Magic & Good Madness: A Neil Gaiman Reread

American Gods Mix Tape: Chapters 1 and 2

As a side project to our newly launched American Gods Reread, I thought it would be interesting to take a look at all the various songs quoted and referenced throughout the novel. Every epic adventure deserves an epic soundtrack, after all, and Neil Gaiman knows a thing or two about great music, so: whenever a song pops up in the text, I’ll be here to discuss each track in the context of the novel and theorize wildly about the connections between song and story.

For the most part, I’m planning to stick with songs that actually appear in the book, but as we progress with the reread I’ll be keeping an ear out for tunes that fit too well to be ignored, and I’m hoping you’ll help me out with suggestions in the comments: if there’s a song or artist that needs to be added to the list, let me know! By the end of the novel, we’ll hopefully have created a divinely inspired mega-mix worthy of Wednesday himself, featuring everything from rock and roll and the blues to show tunes and karaoke standards….

As with the reread, all page numbers mentioned correspond to American Gods: The Tenth Anniversary Edition (Author’s Preferred Text) and there are spoilers below the fold. Please feel free to pump up the volume.

Chapters 1 & 2:

“Walkin’ After Midnight,” Patsy Cline (Pages 24, 32)

A pop/country classic, Patsy Cline’s bluesy standard greets Shadow at Jack’s Crocodile Bar, encapsulating his lost, lonesome, benumbed state in the wake of Laura’s death. The song also foreshadows (no pun intended) the fact that his lost love will actually come a-walking after midnight, searching for him soon (in Chapter 3, to be exact). Not sure that’s quite what Patsy and the songwriters had in mind, but what can you do?


“Iko Iko,” The Dixie Cups (Pages 29-30)

A traditional Mardi Gras song incorporating the Creole patois of New Orleans’ Mardi Gras Indians, the song details a confrontation between two “tribes”—possibly hinting at the coming war between the Old and New gods? Discussing the song’s history, musician Doctor John writes that the tribes traditionally included “musicians, gamblers, hustlers and pimps,” (who would fit right in with Wednesday and his cronies) and that its original title, “Jockamo” refers to a jester/joker figure of myth and legend (who perhaps started out as some sort of local trickster god?)

Furthermore, the context of Mardi Gras is interesting here on the brink of Shadow’s partnership with Wednesday, eating meat and drinking mead to seal the deal, before the next day’s funeral and the beginning of their strange journey (ending in death and resurrection)—one could argue that the Mardi Gras tune is a clever way of signaling the trial and sacrifice to come, just as “Fat Tuesday” and carnival are immediately followed by Lent…which begins, traditionally, on Ash Wednesday.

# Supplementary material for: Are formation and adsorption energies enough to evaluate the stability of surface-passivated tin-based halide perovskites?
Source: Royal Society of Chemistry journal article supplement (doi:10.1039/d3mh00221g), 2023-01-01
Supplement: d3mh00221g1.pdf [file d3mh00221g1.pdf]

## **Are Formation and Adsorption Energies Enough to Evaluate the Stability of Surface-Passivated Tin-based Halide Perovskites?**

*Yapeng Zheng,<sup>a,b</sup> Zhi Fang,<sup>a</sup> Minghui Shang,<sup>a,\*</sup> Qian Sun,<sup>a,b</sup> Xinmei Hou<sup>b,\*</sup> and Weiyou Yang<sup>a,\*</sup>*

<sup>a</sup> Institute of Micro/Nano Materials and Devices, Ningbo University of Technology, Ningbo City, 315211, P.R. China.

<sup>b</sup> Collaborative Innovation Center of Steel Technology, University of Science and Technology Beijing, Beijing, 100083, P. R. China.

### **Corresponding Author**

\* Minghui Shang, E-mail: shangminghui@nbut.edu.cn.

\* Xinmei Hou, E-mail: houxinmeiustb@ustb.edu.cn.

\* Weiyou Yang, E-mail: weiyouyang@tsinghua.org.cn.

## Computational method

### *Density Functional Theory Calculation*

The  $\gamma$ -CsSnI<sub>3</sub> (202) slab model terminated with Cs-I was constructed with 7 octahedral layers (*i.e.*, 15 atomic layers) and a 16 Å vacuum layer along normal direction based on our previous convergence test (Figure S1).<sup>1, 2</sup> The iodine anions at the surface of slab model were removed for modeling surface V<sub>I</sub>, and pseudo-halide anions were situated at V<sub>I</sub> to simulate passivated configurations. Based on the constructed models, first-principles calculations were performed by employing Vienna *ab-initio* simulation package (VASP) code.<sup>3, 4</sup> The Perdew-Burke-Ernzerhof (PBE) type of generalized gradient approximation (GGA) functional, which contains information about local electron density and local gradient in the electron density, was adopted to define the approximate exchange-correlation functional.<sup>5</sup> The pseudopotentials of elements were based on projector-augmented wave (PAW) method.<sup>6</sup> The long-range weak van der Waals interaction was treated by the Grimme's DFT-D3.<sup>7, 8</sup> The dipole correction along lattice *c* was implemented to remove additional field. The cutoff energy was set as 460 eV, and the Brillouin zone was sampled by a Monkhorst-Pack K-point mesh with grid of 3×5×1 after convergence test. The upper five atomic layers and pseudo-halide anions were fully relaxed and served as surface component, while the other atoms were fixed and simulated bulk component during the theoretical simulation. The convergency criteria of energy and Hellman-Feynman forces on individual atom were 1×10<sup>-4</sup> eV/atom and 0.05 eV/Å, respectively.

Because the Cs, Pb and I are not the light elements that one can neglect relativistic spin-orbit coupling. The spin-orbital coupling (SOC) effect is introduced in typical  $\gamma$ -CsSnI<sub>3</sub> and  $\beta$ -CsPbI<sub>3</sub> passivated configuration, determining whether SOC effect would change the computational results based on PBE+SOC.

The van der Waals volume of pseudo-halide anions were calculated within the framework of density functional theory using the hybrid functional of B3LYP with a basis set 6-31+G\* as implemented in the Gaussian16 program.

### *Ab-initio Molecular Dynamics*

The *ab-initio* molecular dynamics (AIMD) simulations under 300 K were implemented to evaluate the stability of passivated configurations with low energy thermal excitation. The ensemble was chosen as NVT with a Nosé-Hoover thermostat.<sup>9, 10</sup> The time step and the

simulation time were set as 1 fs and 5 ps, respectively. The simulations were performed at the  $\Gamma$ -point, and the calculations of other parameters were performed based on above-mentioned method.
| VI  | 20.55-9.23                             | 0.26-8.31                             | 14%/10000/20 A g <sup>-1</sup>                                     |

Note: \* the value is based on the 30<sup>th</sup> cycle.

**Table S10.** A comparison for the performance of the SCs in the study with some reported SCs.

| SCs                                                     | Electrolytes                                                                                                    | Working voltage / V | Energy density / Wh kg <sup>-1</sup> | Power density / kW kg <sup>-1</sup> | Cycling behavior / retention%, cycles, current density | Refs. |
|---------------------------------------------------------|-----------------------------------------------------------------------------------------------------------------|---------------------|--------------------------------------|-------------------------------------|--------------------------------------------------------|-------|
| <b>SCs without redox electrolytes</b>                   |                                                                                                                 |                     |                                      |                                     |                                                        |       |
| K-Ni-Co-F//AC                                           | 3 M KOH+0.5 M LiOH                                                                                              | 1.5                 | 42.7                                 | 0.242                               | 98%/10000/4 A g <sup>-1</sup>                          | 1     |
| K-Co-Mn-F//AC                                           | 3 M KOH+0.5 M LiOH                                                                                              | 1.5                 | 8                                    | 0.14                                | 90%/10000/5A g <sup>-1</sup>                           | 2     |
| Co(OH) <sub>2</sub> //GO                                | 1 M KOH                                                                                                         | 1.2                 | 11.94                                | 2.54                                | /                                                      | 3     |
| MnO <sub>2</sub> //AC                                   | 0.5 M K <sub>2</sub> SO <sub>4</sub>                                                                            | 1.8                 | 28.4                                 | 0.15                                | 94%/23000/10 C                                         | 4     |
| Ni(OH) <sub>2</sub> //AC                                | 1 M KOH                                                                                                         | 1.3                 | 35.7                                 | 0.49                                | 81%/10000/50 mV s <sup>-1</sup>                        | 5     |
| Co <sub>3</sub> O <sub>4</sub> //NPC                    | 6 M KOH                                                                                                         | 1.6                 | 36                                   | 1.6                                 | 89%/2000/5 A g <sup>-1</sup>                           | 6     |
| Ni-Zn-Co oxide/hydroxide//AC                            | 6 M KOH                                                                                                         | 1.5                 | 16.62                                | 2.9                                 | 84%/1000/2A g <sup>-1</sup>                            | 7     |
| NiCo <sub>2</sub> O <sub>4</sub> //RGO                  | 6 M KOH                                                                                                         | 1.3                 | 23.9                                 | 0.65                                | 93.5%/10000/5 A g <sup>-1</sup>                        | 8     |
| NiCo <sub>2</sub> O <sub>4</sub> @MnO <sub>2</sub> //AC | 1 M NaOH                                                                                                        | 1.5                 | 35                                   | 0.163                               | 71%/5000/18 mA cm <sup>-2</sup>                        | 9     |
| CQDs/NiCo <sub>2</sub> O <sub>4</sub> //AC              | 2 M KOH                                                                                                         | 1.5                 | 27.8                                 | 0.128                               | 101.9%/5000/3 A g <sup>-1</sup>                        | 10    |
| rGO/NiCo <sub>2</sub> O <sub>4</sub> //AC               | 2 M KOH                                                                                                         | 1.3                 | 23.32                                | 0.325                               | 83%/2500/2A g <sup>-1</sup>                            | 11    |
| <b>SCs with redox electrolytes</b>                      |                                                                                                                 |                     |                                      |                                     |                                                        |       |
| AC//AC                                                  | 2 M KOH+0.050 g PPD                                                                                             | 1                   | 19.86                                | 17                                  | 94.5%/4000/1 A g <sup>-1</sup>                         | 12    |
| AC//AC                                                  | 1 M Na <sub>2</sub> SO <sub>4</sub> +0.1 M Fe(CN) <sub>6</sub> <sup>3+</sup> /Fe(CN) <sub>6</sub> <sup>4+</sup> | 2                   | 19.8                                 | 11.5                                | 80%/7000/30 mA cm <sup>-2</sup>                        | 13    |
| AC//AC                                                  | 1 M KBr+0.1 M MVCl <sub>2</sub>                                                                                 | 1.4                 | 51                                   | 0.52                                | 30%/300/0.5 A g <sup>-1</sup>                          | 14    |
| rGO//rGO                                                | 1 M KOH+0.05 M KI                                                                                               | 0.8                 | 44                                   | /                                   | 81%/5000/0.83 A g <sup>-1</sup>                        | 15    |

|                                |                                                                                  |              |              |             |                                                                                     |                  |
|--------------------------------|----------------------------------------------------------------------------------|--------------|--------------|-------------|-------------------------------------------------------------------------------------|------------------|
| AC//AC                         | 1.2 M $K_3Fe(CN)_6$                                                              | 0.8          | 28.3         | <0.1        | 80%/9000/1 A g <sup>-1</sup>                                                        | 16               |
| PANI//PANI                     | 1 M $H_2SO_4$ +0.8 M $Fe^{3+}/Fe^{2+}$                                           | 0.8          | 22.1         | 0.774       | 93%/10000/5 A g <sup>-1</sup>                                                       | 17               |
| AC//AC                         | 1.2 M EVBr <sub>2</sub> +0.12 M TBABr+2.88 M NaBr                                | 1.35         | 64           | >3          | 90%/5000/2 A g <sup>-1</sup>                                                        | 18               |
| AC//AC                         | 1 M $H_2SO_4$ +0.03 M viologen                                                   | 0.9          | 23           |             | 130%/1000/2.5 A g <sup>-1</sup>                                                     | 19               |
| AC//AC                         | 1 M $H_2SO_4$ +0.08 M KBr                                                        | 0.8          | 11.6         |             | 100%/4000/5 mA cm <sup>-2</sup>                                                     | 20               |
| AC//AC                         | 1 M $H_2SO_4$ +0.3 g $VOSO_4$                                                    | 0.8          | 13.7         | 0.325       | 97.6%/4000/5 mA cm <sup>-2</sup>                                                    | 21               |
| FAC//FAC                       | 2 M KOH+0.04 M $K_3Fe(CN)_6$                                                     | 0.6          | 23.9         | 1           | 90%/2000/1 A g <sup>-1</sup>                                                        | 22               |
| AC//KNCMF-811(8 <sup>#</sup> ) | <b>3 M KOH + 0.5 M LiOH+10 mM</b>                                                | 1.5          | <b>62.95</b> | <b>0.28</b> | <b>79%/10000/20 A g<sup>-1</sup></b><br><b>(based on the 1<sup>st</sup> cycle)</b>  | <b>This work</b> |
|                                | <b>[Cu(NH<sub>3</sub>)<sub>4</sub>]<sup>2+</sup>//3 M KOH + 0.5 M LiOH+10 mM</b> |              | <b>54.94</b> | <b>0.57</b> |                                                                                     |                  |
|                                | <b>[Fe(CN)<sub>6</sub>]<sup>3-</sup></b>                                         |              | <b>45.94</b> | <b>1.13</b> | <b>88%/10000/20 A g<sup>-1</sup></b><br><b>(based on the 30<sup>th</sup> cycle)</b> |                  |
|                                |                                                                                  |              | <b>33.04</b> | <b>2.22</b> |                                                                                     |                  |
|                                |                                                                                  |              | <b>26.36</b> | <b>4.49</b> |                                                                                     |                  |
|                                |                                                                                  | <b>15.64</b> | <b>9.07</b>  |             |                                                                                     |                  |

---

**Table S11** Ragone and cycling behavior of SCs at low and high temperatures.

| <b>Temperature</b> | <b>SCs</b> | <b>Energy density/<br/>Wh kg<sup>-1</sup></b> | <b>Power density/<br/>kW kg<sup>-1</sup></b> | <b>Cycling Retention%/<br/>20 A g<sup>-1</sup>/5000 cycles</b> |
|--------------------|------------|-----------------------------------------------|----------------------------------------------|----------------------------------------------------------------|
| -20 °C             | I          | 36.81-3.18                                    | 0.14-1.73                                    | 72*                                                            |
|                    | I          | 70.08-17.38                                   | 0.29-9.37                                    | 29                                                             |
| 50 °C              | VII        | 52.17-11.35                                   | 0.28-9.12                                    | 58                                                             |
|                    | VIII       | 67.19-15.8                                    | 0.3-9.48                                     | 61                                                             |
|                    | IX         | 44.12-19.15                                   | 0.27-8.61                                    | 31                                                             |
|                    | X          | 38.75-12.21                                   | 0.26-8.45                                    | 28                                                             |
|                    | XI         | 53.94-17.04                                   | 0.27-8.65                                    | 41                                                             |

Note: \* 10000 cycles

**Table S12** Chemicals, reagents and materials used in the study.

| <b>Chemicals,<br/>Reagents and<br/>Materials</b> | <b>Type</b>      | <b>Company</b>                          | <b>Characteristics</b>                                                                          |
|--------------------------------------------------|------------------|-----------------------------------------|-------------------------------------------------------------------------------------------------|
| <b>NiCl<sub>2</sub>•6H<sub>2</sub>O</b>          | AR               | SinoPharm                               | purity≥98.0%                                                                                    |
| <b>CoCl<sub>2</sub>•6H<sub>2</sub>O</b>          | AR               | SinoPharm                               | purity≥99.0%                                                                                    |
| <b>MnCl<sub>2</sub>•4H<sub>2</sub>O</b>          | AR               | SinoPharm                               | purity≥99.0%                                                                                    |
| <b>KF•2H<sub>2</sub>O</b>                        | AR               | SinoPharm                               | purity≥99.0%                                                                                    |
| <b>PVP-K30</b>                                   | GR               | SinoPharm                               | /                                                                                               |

“Who Loves the Sun,” The Velvet Underground (Page 36)

Mad Sweeney plays this song on the jukebox at Jack’s; Shadow thinks it “a strange song to find on a jukebox. It seemed very unlikely.” Of course, this thought is followed by their discussion of coin tricks, which ultimately leads to Shadow leaving the bar with a very special gold coin from the leprechaun’s horde. We later learn that Shadow has somehow taken the sun (“life itself,” “fit for the King of America”) and his gift of it to Laura keeps her undead. In the meantime, Lou Reed’s acerbic drawl and poppy, perversely sunny nihilism seems like a perfect (if faintly mocking) accompaniment to Shadow’s melancholy mood: “Who cares about the sun, or flowers, or even immortality-granting magic talismans since you broke my heart?” Sad.


“The Fool on the Hill,” The Beatles (Page 41)

Hungover and bruised from his fight with Mad Sweeney, Shadow recognizes a “tinny” version of “The Fool on the Hill” playing in the gas station bathroom where he cleans himself up. Everyone has their pet theory of who or what this song is about—popular favorites include Galileo, Jesus, and George Harrison. Paul McCartney, who actually wrote it, mentioned the Maharishi Mahesh Yogi: “I think I was writing about someone like Maharishi. His detractors called him a fool. Because of his giggle he wasn’t taken too seriously.”

Maybe the song showing up when it does points toward Wednesday, and the fact that he’s far more than the elderly con man he appears to be. Maybe the tinny Muzak being piped into the bathroom is the new gods having a laugh at poor, hungover Shadow (if there’s a god of Muzak, let’s just be thankful he doesn’t show up to torment us further, along with his henchman/acolyte, Kenny G). Or maybe Neil Gaiman just heard the song somewhere on his travels and wrote it into the book? But it’s not the last time the Beatles make an appearance….


Bonus track: “Shadow and Jimmy,” Was (Not Was); (cowritten by Elvis Costello & David Was)

The source of our protagonist’s name, according to Gaiman’s essay “All Books Have Gender,” because “Shadow” seemed like the right fit for the character. And who doesn’t love Elvis Costello? For the record, Costello himself refers to the song as “a bit of a mystery to me,” an experiment that resulted in “a chilly tale of two strange fish”—which arguably makes it the perfect selection to round out this first installment of our Wednesday Mix Tape.

I’m tempted to add in a video for “Reptile” by The Church, if only because I can never read the scene with The Technical Boy without it getting stuck in my head (and because, frankly, it’s awesome), but that’s probably just me, right? So that’s it for this week’s songs, but I’d love to hear some alternate readings, additional trivia, song suggestions and tips for next week, so sound off in the comments!

Bridget McGovern is the non-fiction editor of; she’s a little bit sad that there’s not a single Duran Duran reference anywhere in this novel.


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